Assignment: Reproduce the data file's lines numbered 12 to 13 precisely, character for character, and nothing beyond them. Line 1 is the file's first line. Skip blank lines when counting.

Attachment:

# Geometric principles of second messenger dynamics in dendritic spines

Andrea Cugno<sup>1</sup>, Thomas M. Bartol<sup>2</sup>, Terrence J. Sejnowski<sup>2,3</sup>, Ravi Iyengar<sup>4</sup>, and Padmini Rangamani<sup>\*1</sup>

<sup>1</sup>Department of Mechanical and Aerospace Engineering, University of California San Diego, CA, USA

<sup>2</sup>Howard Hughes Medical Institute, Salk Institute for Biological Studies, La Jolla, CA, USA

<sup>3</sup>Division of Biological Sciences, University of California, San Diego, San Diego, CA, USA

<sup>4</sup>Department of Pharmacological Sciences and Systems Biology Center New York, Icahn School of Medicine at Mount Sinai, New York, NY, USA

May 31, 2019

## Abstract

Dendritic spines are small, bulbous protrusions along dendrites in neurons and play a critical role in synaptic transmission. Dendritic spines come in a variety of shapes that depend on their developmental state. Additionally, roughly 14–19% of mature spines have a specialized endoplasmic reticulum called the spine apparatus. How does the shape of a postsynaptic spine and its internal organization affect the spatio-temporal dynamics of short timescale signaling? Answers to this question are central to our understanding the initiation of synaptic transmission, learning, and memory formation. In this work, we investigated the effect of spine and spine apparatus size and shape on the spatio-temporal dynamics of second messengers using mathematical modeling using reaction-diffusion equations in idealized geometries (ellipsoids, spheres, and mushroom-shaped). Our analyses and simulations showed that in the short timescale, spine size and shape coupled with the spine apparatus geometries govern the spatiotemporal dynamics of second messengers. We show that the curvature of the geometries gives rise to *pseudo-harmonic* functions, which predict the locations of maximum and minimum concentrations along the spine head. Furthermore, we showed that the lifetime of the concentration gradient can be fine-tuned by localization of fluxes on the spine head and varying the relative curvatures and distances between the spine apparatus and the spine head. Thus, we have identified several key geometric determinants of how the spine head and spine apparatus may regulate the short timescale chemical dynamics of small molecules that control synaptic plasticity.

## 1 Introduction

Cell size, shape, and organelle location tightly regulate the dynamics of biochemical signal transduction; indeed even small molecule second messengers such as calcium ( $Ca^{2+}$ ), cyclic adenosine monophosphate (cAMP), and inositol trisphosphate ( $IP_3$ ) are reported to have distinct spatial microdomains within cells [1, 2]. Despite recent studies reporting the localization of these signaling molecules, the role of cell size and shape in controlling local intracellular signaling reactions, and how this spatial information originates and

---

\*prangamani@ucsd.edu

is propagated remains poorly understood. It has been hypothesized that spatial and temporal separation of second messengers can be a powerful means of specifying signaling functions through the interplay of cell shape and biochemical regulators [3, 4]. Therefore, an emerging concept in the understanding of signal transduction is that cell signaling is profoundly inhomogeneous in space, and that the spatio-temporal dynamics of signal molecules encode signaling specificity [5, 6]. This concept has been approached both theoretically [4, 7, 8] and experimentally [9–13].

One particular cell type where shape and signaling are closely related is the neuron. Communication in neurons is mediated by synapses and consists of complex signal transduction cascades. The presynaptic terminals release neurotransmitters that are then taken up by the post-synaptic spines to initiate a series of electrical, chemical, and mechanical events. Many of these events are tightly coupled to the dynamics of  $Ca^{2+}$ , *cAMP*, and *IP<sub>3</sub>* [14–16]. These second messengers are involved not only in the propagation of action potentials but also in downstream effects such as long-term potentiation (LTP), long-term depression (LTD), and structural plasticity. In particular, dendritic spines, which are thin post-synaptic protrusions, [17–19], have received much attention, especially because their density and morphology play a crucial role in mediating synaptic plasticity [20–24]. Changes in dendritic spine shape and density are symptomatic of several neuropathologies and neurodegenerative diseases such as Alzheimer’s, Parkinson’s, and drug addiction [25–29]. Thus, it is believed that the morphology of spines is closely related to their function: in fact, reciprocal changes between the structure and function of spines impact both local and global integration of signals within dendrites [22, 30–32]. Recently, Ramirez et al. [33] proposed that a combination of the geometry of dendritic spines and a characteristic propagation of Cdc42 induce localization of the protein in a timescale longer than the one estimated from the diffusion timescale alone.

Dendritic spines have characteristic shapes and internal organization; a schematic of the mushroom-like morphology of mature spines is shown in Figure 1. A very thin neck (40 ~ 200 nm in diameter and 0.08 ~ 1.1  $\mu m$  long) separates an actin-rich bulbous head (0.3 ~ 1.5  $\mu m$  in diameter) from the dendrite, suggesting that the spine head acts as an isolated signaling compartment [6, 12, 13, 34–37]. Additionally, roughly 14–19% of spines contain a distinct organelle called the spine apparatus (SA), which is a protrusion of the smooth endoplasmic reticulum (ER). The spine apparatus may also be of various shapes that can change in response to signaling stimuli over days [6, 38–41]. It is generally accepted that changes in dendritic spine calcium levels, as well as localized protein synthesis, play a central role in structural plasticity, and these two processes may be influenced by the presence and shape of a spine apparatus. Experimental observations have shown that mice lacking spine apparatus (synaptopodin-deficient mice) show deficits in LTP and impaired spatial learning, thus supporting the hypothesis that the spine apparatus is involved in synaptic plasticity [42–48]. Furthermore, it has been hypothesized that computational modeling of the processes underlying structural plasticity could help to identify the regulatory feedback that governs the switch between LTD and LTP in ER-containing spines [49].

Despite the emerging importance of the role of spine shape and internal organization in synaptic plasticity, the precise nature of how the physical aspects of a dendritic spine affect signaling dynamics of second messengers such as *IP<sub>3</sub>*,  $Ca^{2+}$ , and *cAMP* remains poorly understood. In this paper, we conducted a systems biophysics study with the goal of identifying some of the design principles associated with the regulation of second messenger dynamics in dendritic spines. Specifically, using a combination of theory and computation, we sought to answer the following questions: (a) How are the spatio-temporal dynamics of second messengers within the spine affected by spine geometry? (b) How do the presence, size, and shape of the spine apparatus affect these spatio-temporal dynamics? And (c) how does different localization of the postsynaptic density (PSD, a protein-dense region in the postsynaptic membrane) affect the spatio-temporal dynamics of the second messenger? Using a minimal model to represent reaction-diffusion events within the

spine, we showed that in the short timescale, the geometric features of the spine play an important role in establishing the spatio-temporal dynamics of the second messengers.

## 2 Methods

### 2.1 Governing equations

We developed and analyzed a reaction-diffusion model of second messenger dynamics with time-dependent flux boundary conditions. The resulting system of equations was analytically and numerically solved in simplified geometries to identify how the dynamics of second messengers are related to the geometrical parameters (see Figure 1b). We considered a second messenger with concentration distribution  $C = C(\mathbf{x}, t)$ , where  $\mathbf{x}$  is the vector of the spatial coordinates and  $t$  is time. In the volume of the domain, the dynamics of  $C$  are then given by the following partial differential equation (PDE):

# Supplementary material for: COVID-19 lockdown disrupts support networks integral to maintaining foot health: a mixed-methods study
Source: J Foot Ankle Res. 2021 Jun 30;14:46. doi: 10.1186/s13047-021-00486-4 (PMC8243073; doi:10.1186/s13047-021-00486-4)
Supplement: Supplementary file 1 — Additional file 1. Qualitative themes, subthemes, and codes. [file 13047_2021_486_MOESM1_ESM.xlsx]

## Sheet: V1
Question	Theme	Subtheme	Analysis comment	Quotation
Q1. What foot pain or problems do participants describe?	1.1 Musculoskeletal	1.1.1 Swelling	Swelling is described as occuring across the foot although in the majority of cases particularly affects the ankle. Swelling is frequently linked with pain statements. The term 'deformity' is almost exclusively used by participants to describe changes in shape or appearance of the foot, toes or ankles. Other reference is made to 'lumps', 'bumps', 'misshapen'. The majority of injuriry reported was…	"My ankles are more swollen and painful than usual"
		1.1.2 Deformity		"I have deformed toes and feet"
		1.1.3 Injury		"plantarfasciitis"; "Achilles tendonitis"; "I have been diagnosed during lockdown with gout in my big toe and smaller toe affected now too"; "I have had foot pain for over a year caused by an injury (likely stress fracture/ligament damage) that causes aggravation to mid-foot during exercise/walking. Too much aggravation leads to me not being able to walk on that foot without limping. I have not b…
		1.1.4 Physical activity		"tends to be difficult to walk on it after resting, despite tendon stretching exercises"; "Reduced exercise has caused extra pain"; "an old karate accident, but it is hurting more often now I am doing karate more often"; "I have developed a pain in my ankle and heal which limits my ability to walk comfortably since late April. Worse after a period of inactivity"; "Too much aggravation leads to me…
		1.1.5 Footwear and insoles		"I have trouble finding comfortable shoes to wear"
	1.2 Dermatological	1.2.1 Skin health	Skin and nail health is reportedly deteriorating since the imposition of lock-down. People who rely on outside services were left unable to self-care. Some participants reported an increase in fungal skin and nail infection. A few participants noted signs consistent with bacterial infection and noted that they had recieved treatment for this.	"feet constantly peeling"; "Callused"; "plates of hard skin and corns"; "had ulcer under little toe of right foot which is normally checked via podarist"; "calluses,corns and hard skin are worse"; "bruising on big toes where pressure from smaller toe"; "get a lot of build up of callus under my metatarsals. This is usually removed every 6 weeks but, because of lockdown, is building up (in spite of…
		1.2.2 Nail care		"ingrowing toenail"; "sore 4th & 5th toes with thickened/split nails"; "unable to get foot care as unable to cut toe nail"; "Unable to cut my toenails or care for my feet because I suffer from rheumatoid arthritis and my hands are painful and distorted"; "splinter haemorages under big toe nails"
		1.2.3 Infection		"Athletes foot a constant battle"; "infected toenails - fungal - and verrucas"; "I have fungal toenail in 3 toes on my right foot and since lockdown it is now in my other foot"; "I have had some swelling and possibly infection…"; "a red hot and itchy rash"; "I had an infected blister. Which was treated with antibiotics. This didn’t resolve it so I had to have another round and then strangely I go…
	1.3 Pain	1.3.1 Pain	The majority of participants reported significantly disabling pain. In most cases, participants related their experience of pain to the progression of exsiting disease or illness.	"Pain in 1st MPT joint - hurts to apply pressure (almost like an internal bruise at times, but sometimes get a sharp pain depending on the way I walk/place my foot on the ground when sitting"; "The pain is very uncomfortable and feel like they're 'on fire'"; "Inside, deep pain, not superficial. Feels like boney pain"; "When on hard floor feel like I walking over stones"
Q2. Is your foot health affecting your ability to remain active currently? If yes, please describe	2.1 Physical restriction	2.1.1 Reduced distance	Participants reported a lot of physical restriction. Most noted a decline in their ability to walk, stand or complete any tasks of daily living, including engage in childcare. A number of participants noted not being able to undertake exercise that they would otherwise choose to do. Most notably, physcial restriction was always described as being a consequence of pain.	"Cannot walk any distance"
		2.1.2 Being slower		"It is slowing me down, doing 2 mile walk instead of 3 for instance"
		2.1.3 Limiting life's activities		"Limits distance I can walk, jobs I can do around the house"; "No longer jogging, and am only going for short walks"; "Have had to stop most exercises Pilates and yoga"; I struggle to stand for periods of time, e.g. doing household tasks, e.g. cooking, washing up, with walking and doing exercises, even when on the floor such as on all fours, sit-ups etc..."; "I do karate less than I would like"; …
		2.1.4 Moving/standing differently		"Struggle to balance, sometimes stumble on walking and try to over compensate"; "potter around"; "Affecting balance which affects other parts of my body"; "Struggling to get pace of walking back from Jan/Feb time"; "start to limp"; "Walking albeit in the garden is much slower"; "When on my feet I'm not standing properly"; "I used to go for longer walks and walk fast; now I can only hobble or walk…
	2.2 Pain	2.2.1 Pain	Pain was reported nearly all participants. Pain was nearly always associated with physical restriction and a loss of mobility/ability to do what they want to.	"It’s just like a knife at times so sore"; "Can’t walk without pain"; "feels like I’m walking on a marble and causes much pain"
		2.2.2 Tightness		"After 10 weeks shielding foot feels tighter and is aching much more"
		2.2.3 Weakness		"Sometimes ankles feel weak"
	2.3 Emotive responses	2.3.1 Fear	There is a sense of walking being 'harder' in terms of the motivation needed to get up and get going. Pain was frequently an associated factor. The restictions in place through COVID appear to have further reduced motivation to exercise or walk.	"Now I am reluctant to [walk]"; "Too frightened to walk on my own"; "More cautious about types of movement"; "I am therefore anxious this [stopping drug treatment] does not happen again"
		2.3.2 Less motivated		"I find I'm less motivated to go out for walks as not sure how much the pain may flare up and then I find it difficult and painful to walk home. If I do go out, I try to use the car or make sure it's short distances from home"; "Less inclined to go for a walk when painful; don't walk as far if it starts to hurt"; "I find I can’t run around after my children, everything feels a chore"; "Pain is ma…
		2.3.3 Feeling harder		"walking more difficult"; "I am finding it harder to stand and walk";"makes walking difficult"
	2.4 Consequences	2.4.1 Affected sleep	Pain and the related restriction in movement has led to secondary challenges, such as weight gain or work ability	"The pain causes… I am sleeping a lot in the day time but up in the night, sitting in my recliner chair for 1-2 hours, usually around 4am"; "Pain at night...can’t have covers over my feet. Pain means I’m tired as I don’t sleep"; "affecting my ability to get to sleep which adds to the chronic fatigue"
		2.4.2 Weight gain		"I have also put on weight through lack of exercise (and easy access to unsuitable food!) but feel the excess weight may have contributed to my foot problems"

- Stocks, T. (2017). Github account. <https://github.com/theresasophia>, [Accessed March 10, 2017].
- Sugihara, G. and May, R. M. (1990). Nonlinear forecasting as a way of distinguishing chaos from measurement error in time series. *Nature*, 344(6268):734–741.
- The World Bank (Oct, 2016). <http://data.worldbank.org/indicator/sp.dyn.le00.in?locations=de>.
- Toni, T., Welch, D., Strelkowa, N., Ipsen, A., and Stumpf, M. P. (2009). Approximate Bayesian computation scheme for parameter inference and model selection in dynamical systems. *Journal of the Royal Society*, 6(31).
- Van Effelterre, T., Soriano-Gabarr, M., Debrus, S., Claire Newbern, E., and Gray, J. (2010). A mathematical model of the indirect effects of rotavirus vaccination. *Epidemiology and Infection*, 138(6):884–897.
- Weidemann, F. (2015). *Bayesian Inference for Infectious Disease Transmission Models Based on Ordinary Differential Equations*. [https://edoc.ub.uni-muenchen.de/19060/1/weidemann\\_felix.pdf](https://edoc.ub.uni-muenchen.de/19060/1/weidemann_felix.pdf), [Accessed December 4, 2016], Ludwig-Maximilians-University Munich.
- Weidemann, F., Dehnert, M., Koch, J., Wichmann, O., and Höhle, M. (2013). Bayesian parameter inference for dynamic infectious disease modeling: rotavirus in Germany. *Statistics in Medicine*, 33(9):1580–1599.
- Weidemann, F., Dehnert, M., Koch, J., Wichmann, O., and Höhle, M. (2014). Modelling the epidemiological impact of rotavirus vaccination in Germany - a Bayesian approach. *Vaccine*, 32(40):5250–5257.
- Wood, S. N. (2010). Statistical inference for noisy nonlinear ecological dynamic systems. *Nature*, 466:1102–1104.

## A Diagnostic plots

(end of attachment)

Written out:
---

\*prangamani@ucsd.edu